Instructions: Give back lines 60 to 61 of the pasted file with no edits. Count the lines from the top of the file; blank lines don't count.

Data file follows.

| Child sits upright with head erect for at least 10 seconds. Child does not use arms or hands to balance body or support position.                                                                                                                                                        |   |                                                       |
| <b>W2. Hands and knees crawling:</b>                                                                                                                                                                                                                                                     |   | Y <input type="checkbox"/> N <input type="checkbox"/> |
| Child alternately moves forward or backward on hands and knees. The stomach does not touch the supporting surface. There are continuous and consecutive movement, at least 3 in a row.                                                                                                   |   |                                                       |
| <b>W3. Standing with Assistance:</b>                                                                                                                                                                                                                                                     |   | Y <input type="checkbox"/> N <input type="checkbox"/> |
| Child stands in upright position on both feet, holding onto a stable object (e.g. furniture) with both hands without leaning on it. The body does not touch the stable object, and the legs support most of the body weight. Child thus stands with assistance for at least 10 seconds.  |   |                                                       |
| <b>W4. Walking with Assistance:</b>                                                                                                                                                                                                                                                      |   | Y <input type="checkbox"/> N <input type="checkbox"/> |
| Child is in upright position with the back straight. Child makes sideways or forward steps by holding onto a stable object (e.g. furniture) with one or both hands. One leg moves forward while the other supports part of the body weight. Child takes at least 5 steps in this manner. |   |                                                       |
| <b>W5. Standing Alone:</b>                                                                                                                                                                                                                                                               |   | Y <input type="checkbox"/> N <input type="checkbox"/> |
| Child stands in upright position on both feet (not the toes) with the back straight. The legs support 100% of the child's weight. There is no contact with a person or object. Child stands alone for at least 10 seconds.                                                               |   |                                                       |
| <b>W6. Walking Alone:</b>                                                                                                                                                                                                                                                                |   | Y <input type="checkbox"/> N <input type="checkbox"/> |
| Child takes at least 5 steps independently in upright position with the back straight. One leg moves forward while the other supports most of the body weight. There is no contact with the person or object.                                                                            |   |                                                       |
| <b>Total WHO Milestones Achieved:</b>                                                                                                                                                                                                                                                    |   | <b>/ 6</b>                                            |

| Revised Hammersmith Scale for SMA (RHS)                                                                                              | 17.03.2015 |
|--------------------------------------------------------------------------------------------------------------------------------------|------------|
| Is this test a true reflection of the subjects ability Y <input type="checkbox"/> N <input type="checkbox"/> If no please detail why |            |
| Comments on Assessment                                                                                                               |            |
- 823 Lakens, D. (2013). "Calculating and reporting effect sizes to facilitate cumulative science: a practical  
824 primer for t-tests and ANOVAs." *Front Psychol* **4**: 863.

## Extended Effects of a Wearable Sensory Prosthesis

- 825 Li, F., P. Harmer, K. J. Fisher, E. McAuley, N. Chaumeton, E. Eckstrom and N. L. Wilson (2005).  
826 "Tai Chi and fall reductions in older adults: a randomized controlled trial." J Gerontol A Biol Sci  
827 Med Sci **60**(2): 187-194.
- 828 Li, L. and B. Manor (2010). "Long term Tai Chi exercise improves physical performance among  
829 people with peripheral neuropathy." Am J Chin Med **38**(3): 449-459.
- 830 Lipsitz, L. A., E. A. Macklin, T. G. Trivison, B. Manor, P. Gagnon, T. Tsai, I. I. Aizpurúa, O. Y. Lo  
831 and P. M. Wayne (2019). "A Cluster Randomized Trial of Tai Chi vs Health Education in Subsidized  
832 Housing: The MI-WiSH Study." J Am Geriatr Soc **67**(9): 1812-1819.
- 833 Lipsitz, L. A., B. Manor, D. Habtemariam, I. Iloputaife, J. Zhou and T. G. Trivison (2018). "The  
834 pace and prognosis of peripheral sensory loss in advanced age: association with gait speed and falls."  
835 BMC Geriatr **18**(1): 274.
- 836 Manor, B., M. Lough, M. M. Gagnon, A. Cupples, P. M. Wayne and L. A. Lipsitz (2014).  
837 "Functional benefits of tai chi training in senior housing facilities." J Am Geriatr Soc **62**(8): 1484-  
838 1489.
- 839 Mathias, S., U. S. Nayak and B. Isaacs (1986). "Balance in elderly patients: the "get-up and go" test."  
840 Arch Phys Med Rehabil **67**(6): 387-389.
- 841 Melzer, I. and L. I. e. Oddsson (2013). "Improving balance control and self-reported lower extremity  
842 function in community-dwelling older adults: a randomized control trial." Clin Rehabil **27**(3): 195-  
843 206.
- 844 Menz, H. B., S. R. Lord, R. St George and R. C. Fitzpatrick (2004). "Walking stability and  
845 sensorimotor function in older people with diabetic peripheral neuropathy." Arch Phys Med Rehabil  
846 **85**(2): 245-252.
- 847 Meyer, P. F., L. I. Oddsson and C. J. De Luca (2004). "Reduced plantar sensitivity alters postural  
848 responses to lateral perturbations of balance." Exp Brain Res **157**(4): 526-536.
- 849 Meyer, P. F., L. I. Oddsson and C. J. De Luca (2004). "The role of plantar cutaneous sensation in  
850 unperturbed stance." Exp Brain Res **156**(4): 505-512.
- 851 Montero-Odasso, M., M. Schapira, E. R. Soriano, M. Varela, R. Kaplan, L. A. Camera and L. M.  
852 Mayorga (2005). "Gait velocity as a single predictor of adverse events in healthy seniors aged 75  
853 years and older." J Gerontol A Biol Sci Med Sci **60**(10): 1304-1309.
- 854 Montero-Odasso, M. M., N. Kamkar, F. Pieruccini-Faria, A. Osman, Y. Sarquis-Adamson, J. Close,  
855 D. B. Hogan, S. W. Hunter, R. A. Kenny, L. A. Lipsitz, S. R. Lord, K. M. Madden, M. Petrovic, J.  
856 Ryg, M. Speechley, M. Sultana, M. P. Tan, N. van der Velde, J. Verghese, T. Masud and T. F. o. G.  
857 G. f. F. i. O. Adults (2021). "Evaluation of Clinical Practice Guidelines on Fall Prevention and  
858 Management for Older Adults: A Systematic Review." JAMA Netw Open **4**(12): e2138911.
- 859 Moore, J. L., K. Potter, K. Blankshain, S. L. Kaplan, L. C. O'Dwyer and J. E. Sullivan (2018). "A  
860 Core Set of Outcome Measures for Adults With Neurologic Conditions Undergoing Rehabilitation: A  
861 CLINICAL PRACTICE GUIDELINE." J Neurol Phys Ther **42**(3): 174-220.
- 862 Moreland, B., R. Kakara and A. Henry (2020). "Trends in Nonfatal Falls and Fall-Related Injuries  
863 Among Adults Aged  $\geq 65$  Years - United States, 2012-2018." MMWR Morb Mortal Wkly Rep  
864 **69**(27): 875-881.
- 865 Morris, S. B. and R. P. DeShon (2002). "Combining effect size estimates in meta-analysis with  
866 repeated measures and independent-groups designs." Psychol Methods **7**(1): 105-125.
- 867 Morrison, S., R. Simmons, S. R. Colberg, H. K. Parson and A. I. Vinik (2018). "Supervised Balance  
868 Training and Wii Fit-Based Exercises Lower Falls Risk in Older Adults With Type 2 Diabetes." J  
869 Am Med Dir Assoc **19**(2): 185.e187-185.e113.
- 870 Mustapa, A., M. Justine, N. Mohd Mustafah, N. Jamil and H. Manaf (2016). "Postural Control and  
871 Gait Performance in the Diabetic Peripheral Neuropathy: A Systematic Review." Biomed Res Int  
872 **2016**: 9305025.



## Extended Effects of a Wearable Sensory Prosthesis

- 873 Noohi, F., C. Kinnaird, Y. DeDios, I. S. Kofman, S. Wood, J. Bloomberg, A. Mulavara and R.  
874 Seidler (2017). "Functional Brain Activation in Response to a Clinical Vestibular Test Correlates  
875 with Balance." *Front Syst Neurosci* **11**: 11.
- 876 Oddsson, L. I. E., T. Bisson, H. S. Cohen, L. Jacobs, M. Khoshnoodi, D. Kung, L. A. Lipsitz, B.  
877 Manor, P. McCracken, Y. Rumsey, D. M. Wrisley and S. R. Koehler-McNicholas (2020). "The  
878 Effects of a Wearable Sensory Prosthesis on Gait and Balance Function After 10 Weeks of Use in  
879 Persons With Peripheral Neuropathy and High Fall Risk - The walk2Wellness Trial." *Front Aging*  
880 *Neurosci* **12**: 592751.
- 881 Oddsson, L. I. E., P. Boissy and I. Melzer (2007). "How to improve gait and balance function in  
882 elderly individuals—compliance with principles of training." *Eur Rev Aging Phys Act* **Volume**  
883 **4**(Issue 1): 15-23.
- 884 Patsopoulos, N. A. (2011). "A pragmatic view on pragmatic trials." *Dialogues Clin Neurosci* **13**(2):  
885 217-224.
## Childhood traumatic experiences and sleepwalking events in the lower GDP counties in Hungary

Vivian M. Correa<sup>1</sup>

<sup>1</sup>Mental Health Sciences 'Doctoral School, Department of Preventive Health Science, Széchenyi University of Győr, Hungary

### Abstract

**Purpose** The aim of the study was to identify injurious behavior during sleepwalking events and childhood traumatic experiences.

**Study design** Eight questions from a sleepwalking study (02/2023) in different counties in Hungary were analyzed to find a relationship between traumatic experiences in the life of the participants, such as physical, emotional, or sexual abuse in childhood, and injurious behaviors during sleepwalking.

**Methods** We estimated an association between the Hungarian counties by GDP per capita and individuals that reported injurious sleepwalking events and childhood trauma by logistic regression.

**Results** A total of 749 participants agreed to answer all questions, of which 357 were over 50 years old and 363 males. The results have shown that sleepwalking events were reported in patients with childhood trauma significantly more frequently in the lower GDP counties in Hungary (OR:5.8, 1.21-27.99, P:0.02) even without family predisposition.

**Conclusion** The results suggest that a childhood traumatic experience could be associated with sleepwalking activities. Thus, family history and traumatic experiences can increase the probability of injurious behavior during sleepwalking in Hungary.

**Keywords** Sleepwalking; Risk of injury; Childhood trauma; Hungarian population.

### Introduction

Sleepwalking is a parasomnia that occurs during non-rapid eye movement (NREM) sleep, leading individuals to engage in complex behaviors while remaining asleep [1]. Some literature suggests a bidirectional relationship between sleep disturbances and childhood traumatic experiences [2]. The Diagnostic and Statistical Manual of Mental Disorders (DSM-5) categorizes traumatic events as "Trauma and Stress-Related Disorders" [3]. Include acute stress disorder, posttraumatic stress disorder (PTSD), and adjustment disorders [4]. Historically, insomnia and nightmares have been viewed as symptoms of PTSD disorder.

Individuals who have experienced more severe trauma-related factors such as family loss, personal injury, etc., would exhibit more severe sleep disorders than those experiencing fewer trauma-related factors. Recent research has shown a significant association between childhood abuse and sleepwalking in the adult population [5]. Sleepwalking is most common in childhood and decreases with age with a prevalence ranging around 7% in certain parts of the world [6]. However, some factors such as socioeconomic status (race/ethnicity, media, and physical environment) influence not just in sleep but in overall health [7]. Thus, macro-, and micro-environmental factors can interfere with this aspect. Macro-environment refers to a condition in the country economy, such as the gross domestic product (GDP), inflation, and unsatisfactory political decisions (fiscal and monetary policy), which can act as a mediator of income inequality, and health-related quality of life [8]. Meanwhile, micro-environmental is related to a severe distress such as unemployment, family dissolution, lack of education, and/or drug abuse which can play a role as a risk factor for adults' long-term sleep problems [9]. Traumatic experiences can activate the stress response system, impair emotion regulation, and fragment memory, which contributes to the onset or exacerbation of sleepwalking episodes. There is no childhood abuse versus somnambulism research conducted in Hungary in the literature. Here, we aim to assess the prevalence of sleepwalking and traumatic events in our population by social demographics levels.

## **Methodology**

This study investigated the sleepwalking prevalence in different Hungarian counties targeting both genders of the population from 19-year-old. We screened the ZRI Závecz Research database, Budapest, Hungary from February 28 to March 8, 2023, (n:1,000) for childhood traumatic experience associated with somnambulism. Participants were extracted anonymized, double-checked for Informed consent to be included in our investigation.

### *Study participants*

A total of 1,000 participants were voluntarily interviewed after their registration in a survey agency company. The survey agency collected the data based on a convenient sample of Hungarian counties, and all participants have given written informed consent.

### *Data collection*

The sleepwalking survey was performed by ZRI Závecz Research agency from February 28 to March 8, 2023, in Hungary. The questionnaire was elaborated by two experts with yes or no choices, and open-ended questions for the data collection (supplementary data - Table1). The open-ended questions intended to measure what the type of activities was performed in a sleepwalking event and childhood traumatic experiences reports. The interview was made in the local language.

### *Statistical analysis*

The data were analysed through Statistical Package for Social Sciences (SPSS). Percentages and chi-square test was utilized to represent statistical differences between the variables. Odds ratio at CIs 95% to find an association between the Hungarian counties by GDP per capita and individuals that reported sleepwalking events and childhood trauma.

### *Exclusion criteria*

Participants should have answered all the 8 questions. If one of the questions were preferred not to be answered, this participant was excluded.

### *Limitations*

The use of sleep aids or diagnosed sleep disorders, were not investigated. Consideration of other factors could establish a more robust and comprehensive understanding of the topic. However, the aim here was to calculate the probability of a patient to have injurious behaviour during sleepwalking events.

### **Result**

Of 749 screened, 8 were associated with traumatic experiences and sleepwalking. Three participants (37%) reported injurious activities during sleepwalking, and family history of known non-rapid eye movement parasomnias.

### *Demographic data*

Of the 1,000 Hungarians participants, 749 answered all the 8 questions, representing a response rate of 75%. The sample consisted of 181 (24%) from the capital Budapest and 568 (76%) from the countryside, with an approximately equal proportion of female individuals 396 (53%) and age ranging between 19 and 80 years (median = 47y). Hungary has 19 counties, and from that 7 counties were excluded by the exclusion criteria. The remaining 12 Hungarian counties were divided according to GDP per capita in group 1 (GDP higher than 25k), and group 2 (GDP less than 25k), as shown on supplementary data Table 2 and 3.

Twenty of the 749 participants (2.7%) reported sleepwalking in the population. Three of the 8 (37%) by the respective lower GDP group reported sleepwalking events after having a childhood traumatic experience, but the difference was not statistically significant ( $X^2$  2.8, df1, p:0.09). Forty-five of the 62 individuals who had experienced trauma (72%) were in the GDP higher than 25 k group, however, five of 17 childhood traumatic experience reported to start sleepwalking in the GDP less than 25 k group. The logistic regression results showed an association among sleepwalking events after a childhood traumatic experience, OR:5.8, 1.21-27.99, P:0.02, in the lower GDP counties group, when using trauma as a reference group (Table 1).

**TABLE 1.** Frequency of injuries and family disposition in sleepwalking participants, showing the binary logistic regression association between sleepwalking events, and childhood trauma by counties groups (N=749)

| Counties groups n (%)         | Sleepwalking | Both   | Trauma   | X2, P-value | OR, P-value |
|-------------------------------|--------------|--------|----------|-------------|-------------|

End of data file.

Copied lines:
- 865 Morris, S. B. and R. P. DeShon (2002). "Combining effect size estimates in meta-analysis with  
866 repeated measures and independent-groups designs." Psychol Methods **7**(1): 105-125.